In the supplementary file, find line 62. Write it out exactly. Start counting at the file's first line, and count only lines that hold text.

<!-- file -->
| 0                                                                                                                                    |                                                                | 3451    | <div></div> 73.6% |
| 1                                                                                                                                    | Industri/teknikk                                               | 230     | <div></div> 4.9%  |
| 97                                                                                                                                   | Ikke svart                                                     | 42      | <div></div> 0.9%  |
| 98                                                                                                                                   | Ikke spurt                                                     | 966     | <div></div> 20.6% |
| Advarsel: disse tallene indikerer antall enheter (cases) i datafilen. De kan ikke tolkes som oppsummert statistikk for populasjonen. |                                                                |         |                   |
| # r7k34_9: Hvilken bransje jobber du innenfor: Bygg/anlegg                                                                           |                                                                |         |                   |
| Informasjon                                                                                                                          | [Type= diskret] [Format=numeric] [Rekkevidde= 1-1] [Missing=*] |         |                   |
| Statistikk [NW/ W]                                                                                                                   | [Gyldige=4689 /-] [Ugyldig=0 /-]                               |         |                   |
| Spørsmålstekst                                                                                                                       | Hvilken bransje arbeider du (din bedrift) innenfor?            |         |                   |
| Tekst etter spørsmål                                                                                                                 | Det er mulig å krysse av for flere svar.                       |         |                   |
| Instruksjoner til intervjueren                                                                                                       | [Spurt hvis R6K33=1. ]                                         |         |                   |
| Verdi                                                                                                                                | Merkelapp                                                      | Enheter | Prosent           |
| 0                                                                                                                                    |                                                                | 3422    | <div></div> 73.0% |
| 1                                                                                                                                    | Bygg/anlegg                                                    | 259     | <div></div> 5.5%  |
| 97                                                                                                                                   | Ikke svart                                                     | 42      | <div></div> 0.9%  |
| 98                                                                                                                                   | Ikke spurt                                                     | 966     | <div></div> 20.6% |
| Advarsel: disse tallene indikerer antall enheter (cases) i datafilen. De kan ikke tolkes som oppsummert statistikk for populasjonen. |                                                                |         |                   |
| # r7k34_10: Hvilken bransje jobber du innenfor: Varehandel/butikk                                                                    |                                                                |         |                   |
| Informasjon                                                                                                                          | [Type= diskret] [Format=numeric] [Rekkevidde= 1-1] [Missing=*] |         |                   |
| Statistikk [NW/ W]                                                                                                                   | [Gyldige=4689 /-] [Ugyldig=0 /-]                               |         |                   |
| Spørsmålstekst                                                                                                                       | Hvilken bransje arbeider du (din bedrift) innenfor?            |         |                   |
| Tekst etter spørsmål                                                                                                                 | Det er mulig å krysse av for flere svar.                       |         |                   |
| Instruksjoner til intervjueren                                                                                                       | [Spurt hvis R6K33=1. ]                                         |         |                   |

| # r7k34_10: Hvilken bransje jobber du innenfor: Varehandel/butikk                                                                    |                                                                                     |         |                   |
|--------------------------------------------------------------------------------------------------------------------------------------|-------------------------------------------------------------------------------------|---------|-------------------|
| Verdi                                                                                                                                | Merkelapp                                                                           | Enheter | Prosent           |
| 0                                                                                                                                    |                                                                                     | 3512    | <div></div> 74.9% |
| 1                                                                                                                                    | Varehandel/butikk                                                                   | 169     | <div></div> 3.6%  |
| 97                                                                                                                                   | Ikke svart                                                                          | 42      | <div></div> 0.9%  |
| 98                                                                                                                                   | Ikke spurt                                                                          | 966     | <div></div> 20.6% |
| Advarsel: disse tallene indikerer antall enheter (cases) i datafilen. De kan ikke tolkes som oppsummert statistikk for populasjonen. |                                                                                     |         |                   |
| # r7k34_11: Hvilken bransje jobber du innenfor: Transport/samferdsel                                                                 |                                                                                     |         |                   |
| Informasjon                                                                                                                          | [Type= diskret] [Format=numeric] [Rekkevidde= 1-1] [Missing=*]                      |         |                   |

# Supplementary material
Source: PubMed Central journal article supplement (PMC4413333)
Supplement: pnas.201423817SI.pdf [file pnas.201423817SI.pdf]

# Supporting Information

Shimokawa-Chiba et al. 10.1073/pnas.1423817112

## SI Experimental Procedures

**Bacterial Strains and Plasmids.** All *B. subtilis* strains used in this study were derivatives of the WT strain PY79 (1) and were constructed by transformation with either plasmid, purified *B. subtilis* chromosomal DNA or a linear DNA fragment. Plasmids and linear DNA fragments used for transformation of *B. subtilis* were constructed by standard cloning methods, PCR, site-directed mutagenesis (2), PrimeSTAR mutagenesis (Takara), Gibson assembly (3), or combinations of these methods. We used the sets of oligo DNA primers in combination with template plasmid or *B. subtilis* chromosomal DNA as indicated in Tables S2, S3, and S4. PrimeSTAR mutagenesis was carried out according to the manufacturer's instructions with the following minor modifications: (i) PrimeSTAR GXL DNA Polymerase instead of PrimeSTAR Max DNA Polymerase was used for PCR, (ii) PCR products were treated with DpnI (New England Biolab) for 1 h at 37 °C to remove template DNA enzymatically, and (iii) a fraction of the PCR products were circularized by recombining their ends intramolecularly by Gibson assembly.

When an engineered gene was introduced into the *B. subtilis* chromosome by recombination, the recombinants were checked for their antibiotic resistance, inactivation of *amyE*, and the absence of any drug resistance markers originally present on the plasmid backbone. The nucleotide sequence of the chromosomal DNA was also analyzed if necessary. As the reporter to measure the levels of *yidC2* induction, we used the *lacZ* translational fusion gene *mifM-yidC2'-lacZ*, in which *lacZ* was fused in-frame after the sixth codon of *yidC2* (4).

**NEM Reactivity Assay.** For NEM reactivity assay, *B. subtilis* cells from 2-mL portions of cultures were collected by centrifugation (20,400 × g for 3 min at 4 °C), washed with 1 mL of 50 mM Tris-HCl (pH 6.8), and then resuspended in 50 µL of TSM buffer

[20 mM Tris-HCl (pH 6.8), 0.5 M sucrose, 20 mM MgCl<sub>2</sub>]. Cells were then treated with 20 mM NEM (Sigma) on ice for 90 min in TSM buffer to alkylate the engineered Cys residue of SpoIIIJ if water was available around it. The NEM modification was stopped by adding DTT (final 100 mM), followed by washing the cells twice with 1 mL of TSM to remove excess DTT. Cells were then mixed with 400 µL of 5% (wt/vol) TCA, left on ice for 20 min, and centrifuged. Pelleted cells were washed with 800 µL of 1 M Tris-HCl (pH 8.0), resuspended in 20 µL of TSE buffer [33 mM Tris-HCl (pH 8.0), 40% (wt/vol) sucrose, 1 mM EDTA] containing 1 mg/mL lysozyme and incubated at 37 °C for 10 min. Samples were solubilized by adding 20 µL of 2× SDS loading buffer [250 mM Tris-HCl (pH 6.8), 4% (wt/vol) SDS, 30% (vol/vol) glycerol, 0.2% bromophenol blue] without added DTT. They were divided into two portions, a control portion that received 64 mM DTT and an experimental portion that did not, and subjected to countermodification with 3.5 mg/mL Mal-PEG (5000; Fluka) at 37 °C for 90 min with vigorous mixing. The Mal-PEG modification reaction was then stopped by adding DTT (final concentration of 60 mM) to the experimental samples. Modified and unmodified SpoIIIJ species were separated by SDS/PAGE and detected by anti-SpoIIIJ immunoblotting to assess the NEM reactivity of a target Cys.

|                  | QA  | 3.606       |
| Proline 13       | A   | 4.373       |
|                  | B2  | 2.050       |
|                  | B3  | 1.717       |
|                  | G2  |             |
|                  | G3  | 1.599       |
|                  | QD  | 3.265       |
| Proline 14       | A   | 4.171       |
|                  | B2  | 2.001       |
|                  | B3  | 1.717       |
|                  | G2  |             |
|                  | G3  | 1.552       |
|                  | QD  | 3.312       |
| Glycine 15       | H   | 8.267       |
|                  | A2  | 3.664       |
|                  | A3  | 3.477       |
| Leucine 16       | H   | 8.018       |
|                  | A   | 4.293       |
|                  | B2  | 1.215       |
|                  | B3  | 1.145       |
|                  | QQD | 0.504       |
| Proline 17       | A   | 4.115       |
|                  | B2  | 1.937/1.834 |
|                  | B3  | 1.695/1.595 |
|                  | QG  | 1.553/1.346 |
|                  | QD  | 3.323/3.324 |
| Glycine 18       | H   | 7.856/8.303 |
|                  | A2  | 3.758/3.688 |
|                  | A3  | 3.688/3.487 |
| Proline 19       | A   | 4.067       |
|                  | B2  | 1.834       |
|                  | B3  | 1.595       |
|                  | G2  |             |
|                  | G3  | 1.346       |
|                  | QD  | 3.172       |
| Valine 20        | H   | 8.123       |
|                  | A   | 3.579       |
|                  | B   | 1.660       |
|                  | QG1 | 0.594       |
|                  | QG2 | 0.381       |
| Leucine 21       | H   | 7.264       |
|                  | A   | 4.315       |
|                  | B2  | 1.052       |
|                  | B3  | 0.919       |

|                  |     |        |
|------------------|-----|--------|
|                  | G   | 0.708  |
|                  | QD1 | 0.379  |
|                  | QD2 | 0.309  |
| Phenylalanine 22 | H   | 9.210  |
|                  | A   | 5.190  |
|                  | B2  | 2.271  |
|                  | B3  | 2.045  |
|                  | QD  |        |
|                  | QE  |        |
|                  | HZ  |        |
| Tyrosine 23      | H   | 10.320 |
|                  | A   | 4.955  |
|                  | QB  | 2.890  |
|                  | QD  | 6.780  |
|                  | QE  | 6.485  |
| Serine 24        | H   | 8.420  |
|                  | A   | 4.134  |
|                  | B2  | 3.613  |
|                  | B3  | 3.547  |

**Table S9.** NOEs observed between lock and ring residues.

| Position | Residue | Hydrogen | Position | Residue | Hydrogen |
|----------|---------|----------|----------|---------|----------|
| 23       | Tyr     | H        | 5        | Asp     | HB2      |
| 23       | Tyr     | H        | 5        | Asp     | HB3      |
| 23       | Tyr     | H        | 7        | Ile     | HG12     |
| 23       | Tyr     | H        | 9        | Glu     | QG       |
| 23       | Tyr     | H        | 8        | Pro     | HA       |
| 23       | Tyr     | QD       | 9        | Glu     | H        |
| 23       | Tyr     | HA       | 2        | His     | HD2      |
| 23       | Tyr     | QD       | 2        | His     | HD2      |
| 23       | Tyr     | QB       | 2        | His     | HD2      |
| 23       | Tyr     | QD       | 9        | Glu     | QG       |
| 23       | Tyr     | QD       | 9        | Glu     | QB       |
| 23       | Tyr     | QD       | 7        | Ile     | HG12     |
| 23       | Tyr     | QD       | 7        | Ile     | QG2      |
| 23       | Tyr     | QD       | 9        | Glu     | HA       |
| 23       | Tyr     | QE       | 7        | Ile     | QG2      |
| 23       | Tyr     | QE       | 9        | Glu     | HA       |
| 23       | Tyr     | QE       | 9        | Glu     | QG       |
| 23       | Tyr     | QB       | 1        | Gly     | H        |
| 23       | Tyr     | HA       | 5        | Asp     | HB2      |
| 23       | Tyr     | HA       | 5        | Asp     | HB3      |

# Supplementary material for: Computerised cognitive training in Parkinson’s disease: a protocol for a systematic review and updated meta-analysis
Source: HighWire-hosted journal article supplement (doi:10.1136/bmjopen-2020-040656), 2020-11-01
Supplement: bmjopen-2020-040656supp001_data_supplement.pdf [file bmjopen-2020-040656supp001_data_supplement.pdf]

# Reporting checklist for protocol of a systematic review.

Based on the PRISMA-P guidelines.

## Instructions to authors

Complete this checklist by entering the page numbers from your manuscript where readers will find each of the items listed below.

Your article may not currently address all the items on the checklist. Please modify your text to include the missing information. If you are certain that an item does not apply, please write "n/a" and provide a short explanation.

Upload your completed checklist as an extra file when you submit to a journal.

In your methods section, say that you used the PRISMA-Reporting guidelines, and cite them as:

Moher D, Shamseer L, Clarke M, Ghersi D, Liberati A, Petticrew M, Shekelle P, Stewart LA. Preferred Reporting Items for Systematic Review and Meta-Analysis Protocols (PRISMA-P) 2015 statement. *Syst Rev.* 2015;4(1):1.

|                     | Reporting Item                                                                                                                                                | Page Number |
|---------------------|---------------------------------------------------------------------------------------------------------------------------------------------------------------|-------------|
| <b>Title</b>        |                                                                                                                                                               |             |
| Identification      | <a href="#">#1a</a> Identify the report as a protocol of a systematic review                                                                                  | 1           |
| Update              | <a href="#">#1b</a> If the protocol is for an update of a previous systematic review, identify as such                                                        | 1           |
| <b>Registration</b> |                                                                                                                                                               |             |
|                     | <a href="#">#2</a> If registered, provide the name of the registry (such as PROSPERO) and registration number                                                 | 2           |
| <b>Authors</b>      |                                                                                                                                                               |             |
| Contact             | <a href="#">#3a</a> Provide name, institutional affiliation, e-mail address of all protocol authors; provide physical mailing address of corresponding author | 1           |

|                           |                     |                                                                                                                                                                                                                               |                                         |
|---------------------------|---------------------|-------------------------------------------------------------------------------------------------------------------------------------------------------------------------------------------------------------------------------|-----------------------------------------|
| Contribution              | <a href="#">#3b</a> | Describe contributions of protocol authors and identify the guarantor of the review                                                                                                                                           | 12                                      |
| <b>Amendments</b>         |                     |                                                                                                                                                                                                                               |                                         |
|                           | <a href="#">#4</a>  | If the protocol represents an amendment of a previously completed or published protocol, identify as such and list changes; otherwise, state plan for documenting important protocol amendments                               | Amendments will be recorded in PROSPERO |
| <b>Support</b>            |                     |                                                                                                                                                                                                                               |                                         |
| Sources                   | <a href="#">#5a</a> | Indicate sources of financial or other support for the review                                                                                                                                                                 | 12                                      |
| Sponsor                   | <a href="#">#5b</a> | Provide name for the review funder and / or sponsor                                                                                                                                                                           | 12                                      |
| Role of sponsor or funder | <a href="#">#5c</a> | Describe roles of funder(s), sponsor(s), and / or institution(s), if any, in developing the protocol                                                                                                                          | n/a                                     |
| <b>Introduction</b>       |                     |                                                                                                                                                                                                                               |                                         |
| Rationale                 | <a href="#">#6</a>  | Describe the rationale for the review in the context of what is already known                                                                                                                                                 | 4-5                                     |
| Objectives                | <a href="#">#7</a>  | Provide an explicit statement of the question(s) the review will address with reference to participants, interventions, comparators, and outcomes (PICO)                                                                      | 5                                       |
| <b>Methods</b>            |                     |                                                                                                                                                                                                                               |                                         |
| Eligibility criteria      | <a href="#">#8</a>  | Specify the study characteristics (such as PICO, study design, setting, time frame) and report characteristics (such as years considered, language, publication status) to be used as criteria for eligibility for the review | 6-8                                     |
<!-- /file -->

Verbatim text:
|                  | B2  | 1.215       |